A publication of the Kentucky Center for Public Service Journalism

Federal judge sets trial date for state’s ban on most common type of second-trimester abortion

By Melissa Patrick
Kentucky Health News

A federal judge has ruled that a new law banning a common abortion procedure called dilation and evacuation, or D&E, after roughly 11 weeks will not be enforced in Kentucky until after a trial is held in November.

Judge McKinley

The order from Chief Judge Joseph H. McKinley set the trial for Nov. 13 after vacating the preliminary injunction hearing that had been scheduled June 5.

The new law banning the procedure, except in cases of medical emergencies, was House Bill 454, sponsored by Rep. Addia Wuchner, R-Florence. It passed the state Senate 31-5, and the House 75-13. The law went into effect immediately after Gov. Matt Bevin signed it on April 10.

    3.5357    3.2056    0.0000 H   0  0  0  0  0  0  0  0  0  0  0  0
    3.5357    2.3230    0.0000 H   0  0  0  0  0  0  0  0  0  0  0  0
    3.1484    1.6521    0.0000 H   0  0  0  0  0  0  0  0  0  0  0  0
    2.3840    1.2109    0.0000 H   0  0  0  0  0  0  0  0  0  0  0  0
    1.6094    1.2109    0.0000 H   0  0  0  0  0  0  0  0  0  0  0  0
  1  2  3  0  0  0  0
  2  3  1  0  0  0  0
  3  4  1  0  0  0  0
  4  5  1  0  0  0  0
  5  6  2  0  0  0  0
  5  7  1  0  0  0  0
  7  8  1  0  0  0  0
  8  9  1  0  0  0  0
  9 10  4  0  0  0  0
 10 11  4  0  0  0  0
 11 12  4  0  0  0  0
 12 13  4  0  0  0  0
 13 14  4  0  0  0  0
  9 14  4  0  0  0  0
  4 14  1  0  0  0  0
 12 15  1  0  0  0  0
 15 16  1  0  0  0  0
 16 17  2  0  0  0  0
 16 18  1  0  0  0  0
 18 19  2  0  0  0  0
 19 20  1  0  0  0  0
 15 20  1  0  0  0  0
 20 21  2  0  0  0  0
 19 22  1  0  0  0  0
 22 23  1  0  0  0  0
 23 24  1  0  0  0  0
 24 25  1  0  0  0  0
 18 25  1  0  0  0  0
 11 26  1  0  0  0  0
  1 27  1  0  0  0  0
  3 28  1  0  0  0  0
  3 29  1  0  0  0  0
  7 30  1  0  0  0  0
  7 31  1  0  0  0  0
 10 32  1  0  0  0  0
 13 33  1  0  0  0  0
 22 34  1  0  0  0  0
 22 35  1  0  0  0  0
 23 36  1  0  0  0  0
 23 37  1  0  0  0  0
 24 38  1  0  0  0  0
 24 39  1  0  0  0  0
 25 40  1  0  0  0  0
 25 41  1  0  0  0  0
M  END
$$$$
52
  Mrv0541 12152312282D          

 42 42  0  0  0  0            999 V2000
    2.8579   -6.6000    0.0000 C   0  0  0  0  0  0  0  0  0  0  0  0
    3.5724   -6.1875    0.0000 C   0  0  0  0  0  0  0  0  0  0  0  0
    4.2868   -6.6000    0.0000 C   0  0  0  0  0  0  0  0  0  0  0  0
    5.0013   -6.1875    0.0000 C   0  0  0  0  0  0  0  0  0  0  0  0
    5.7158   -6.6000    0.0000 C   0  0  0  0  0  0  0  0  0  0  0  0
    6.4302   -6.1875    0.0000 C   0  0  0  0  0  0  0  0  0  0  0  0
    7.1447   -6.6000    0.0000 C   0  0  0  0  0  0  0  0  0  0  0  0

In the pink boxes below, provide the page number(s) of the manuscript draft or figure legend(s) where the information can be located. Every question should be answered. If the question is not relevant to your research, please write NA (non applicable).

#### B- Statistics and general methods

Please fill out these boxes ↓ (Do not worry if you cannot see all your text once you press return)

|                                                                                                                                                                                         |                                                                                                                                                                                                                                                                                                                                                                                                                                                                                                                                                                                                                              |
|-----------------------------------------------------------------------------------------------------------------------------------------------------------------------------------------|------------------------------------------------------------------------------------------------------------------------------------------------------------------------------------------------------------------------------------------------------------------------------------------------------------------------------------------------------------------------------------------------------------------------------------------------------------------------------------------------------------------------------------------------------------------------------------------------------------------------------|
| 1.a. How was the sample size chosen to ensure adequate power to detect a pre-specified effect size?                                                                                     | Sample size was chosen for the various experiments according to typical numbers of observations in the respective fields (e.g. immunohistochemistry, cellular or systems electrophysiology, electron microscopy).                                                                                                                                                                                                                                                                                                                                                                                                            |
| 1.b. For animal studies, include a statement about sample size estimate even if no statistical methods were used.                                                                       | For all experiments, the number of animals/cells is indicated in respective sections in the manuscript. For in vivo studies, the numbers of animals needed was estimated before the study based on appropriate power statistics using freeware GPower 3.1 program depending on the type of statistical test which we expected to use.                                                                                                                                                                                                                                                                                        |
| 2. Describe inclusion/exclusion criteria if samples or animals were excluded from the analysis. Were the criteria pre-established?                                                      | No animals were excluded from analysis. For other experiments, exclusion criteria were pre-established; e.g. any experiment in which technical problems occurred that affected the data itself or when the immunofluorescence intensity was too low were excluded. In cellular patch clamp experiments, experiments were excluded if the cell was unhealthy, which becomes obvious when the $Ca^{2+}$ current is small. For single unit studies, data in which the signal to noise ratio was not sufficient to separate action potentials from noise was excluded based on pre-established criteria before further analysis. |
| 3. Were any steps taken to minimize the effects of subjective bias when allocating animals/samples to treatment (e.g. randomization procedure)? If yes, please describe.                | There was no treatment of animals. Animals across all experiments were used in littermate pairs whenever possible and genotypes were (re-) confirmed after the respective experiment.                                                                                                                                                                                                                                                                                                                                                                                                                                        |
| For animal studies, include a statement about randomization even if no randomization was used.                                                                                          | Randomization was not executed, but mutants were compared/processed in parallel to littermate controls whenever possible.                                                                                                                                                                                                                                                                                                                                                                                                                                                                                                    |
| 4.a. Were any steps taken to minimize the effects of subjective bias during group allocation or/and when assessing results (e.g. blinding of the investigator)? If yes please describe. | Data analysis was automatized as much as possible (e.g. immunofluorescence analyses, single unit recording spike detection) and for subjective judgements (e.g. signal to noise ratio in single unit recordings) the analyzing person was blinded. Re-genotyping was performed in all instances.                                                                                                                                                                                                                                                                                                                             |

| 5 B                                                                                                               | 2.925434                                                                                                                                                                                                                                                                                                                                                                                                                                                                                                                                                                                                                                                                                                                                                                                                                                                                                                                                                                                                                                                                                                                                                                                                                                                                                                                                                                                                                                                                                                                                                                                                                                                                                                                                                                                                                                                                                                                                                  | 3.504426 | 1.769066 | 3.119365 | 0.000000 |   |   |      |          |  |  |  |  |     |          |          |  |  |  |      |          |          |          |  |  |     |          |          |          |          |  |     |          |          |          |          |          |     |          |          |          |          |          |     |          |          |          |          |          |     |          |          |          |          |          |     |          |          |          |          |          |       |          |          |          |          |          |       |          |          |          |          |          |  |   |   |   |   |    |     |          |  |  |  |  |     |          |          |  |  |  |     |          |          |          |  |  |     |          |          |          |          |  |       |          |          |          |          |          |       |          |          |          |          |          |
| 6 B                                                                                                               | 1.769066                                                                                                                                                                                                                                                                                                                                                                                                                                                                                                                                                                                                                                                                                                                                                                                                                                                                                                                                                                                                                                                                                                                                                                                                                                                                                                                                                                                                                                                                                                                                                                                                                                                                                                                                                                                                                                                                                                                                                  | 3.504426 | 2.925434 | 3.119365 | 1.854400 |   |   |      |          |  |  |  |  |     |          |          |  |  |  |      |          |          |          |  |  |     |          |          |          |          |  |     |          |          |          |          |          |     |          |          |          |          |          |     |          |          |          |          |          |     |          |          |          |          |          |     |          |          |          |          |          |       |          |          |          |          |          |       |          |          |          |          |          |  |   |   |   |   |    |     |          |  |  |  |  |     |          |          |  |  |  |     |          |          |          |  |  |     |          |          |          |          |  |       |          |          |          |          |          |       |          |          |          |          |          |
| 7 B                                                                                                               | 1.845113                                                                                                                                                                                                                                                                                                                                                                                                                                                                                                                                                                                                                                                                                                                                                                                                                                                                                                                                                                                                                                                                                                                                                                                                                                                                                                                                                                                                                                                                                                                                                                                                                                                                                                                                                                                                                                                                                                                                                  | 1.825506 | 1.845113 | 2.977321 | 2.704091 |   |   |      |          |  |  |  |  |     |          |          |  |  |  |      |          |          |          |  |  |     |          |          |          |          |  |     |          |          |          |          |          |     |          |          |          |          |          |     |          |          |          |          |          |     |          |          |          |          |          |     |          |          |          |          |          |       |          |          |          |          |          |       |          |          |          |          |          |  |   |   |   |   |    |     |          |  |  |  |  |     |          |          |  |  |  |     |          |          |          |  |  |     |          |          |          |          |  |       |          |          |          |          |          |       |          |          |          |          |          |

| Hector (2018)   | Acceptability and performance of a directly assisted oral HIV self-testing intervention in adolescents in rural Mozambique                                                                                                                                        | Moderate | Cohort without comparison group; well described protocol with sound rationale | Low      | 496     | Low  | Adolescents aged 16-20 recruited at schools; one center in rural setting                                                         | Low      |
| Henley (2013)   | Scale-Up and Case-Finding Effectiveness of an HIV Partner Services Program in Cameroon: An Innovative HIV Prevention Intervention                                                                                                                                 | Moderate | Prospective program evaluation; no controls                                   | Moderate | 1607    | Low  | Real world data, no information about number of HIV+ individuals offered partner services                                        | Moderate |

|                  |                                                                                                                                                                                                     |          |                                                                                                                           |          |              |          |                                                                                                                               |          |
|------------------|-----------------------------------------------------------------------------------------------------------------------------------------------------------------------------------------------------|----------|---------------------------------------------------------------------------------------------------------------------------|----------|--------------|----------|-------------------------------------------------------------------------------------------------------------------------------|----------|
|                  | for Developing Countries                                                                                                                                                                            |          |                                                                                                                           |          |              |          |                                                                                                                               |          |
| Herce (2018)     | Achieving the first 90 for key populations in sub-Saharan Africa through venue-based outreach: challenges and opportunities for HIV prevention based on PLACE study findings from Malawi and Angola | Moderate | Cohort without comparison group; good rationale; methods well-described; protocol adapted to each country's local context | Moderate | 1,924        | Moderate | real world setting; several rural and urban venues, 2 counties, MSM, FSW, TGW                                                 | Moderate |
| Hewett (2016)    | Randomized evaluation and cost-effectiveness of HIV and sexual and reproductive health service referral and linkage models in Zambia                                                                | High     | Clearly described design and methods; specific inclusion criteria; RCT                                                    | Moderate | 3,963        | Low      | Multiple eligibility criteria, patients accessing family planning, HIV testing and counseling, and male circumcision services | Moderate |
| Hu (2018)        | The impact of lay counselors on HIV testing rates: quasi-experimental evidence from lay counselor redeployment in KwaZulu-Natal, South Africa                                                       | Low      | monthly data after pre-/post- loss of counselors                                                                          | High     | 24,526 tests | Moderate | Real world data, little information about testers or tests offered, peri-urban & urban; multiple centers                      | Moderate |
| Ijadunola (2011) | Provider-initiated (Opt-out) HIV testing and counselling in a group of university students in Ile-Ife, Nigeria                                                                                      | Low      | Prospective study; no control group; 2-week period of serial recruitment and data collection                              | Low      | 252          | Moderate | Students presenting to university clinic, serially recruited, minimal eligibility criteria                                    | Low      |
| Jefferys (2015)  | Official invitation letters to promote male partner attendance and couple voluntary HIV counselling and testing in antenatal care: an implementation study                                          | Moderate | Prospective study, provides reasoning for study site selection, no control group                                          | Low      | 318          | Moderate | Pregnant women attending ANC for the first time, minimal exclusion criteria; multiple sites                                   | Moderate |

McKinley delayed the enforcement of the law through a joint consent order April 12 after the American Civil Liberties Union filed a lawsuit arguing that the law is unconstitutional. A federal court struck down a ban on the procedure in Texas, and similar bans have been temporarily blocked in other states while they await litigation.

A D&E abortion, which is the most common kind of second-trimester abortion, involves dilating the cervix and removing the fetus using suction and surgical tools. If the law is upheld, abortion providers found in violation would be guilty of a felony that carries a prison sentence. Women undergoing the procedure would not be prosecuted.

 

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